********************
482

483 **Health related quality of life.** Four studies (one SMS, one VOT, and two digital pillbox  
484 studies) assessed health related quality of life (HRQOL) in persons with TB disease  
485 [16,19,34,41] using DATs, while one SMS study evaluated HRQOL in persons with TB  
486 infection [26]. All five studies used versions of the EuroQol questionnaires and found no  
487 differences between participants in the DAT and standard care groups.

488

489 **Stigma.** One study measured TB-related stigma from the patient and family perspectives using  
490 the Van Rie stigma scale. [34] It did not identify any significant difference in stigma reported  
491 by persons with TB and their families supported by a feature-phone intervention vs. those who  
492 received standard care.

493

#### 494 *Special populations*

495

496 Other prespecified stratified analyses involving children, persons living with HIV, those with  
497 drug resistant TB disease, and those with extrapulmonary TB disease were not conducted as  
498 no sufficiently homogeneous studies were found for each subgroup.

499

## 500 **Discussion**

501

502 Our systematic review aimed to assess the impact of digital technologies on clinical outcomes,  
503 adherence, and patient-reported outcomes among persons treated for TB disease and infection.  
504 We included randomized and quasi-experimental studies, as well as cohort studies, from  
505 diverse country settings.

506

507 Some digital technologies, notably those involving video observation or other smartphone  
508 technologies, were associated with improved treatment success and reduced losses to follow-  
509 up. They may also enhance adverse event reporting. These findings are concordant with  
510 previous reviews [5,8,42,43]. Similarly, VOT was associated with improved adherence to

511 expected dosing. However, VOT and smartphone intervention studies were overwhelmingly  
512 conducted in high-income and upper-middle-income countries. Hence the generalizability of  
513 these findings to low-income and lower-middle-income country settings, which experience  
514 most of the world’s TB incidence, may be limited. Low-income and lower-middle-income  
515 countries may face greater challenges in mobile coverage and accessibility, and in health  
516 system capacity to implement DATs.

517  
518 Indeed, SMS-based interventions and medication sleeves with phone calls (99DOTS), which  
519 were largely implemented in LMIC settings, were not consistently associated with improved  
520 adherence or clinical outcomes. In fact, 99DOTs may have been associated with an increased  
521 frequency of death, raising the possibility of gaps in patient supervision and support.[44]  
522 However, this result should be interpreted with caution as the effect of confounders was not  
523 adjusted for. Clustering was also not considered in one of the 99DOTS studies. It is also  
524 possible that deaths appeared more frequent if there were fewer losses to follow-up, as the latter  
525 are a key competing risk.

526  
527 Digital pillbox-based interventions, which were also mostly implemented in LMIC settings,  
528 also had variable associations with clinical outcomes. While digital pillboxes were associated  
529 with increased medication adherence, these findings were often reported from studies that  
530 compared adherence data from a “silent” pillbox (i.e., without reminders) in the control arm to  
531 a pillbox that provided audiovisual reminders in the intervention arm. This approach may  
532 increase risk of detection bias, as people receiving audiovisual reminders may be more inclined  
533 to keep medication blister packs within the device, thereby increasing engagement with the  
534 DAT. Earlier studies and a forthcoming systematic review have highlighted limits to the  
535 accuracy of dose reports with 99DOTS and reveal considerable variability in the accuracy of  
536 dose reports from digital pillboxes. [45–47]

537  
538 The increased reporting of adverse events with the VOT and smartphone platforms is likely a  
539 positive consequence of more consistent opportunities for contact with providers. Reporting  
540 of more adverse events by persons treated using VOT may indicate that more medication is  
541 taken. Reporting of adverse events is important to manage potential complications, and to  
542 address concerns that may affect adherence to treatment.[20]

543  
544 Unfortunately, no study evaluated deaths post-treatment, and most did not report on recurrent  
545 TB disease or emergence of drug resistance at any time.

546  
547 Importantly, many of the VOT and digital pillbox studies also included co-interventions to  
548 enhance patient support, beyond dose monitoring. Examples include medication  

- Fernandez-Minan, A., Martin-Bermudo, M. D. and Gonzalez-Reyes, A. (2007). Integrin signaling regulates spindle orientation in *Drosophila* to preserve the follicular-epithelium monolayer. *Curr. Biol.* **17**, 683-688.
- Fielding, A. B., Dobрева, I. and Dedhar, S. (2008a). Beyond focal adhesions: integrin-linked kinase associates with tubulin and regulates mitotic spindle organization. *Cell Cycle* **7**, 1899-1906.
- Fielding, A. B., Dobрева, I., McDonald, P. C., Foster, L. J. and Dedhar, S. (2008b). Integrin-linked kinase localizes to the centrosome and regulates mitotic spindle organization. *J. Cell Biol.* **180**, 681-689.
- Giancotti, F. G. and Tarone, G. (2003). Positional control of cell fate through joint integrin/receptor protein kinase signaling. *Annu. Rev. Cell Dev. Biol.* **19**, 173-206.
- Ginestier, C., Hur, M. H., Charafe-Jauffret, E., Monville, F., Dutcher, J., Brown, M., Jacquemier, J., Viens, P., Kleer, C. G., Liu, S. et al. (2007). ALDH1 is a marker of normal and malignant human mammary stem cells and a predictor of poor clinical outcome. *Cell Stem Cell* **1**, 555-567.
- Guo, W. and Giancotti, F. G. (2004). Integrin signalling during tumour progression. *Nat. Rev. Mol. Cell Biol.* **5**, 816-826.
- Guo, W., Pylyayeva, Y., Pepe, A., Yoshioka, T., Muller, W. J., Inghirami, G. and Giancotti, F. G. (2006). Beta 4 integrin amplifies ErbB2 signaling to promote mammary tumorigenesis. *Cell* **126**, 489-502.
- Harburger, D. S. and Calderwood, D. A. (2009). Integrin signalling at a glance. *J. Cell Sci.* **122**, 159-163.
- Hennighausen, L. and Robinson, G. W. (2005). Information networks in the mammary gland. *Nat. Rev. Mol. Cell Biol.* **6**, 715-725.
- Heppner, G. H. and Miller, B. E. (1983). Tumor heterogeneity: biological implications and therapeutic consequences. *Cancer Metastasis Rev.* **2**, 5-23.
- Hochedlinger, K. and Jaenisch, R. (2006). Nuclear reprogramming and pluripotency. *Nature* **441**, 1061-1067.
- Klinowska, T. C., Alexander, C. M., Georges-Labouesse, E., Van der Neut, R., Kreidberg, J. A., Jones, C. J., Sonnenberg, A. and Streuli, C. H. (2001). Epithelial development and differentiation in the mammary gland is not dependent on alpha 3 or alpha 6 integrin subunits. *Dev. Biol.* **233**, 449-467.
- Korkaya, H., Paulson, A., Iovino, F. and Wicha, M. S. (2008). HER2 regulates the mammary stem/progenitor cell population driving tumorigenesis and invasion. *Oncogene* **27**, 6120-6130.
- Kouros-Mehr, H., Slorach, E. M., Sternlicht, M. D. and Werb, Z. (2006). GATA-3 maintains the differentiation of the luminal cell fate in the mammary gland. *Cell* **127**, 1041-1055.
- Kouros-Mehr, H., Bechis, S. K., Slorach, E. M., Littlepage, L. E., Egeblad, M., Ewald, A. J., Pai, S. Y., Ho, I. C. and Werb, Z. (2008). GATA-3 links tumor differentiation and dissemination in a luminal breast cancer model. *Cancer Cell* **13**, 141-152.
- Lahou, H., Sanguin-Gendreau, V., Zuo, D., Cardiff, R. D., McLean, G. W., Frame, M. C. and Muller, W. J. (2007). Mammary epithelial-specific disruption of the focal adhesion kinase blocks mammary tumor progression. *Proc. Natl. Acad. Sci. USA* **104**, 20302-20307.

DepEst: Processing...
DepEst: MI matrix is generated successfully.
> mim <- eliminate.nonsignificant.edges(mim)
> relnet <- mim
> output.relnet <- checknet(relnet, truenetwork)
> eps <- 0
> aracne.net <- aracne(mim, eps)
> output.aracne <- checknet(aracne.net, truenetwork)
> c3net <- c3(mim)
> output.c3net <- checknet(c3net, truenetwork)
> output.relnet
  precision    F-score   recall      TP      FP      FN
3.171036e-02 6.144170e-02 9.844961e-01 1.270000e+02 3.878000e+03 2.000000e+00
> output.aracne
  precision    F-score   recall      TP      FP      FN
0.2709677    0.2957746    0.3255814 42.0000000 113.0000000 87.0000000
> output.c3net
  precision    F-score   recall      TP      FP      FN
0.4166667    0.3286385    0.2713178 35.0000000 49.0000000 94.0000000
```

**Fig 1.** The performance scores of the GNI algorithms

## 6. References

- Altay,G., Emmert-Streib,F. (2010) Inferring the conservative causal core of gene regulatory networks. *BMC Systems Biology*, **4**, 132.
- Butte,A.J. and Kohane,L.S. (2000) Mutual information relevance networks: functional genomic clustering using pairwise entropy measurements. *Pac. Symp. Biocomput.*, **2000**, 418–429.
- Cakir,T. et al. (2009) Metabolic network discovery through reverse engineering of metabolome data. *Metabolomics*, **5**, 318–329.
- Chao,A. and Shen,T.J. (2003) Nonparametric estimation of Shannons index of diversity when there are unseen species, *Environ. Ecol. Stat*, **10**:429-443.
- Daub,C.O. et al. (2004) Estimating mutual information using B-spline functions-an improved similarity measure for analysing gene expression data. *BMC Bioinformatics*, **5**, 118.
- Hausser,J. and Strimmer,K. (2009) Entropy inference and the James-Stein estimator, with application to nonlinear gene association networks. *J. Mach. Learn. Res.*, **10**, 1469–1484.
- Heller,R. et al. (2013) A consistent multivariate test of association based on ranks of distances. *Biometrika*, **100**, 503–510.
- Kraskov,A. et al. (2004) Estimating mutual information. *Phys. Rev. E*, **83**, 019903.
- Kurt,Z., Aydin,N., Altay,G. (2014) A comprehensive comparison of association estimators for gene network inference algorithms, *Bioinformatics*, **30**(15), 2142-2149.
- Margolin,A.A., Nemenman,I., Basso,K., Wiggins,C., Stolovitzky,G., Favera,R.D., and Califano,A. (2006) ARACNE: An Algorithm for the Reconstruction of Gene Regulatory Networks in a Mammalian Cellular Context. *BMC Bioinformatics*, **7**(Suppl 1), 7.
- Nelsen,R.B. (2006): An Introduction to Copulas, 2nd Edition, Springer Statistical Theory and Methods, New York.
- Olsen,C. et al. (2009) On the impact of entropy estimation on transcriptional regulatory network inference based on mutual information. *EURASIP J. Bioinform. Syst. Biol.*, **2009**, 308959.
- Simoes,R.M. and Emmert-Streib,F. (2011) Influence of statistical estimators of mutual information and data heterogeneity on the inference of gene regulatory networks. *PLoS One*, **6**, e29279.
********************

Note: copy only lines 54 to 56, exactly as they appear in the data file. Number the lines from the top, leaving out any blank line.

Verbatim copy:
535 accuracy of dose reports with 99DOTS and reveal considerable variability in the accuracy of  
536 dose reports from digital pillboxes. [45–47]

537  